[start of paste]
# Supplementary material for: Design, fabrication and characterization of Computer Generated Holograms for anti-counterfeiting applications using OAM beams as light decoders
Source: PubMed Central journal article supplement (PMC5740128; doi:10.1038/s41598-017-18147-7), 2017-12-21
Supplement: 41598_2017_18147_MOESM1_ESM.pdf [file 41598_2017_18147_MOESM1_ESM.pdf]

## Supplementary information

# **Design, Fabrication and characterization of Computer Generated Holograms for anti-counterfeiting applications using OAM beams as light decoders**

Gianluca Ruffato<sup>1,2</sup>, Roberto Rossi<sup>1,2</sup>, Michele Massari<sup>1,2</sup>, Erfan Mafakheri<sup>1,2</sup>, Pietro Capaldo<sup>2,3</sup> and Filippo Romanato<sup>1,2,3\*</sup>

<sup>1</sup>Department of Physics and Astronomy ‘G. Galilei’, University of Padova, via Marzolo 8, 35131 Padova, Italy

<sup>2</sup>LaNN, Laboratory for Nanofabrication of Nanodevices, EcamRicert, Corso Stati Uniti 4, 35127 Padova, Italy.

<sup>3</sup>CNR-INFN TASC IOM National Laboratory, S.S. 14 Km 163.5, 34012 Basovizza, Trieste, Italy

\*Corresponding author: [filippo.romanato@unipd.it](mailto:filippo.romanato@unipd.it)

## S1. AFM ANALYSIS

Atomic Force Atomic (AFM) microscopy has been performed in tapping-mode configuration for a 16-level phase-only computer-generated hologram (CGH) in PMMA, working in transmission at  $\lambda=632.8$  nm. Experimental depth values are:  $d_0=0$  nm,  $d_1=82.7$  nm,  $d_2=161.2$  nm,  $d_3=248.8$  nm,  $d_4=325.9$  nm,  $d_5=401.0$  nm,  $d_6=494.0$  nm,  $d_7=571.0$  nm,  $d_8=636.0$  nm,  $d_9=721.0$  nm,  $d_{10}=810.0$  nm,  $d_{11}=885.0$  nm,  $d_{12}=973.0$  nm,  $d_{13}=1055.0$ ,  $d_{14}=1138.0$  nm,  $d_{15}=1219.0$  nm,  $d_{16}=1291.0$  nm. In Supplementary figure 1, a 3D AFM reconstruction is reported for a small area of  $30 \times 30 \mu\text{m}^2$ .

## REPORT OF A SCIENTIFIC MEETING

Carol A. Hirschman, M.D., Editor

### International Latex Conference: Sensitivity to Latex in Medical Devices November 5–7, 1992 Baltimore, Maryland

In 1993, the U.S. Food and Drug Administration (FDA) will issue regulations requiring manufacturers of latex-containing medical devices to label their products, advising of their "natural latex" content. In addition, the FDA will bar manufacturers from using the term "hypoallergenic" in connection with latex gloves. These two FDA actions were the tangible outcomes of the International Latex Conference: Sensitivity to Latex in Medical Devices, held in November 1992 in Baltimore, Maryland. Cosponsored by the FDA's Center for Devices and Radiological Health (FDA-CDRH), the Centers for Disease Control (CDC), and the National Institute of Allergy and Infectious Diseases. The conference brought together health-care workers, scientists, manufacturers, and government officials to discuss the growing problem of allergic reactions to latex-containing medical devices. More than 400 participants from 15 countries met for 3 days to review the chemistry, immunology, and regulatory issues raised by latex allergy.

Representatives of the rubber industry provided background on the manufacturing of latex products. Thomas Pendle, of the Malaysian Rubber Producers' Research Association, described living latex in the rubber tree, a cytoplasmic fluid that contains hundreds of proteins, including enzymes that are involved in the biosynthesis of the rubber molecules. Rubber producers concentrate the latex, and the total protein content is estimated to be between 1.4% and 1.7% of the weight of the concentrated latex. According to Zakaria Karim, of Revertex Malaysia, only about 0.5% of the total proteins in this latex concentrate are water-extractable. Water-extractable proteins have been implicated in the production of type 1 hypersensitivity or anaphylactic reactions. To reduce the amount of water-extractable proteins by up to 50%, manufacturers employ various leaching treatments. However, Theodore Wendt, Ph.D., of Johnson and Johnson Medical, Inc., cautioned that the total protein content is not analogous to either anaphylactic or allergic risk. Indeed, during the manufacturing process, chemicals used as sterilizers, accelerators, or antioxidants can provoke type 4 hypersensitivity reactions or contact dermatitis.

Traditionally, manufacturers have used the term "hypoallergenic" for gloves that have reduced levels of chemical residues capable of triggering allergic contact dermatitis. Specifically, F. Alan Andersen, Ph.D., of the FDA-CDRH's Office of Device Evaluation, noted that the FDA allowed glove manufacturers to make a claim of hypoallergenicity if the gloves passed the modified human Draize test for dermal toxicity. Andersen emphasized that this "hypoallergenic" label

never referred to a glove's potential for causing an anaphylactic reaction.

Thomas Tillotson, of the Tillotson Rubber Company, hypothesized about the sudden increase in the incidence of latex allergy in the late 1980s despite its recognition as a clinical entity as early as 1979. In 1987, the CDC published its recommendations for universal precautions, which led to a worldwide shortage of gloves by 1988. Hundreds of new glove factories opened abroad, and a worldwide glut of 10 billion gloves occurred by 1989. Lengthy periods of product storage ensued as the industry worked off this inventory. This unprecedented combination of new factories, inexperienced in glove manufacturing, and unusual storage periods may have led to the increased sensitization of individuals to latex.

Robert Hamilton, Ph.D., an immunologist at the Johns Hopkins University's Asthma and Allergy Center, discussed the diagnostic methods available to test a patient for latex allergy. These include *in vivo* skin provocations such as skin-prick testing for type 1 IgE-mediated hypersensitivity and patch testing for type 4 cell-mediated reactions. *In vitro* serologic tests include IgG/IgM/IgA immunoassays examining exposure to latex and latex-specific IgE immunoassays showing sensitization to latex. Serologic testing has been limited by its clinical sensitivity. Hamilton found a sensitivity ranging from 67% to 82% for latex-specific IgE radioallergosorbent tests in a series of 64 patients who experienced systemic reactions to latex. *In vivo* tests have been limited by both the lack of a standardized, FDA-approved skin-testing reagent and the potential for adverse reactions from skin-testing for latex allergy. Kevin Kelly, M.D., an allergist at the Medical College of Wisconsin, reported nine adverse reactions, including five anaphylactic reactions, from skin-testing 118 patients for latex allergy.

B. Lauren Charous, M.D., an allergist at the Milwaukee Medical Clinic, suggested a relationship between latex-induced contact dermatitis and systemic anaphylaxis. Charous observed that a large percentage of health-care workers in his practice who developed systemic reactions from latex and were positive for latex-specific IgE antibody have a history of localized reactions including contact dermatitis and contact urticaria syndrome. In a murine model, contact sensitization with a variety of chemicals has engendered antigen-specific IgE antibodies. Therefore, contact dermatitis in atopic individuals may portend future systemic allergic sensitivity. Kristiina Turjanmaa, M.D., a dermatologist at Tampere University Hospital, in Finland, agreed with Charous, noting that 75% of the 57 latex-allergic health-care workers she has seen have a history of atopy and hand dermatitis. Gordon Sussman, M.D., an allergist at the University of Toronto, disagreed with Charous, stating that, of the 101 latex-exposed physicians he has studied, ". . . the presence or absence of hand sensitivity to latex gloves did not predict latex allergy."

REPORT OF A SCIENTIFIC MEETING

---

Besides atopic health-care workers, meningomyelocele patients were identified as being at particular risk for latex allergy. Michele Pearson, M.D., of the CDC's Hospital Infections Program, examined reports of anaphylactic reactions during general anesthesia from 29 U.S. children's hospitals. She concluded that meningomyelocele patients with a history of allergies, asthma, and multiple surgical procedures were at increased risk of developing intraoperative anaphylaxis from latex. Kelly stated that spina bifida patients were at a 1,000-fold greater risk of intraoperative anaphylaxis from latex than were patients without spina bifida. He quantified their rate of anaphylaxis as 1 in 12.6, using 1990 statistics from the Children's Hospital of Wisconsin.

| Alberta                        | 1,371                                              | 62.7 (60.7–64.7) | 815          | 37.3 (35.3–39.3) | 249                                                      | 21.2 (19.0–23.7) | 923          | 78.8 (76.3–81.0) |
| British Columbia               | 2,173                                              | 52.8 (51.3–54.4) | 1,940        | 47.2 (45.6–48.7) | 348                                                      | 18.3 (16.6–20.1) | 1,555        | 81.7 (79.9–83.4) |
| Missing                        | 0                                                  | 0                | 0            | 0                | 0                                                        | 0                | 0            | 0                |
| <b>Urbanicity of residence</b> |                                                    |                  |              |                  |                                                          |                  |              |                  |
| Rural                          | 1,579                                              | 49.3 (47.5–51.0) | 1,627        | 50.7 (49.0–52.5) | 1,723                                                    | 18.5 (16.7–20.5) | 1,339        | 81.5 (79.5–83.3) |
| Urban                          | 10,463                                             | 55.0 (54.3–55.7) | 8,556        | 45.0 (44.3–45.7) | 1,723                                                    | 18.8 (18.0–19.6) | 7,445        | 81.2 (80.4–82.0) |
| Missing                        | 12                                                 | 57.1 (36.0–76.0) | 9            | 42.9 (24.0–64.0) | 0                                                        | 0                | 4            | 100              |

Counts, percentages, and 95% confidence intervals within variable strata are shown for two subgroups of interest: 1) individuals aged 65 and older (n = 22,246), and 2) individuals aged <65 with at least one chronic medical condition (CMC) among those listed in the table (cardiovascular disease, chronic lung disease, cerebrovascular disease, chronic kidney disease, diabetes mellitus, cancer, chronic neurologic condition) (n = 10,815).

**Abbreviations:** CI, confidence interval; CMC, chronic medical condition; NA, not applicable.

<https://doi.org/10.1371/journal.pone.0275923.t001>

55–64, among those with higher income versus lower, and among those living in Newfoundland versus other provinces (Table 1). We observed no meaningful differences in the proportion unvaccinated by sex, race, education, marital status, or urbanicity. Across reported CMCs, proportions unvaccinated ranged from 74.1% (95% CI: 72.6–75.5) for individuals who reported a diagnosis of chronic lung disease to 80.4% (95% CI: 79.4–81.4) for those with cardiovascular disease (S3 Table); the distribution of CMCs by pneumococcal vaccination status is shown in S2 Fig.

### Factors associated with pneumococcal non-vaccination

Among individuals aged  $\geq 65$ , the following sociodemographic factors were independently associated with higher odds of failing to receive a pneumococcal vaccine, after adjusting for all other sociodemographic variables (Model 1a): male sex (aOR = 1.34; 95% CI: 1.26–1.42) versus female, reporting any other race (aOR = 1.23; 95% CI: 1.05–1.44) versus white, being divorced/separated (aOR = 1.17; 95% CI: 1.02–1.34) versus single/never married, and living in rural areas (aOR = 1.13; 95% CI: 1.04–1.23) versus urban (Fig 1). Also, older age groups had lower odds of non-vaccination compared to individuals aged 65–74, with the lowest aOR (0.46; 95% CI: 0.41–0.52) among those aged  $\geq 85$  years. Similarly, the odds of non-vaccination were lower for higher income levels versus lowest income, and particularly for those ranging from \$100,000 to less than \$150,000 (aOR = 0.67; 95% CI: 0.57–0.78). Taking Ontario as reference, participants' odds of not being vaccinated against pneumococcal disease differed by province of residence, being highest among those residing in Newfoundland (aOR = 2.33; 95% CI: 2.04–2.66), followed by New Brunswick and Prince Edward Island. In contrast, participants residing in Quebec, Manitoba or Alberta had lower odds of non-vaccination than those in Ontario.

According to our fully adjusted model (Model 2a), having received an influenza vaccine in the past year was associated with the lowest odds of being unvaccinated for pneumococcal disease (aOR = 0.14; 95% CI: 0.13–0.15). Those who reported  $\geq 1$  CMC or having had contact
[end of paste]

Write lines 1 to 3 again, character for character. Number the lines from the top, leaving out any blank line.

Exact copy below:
# Supplementary material for: Design, fabrication and characterization of Computer Generated Holograms for anti-counterfeiting applications using OAM beams as light decoders
Source: PubMed Central journal article supplement (PMC5740128; doi:10.1038/s41598-017-18147-7), 2017-12-21
Supplement: 41598_2017_18147_MOESM1_ESM.pdf [file 41598_2017_18147_MOESM1_ESM.pdf]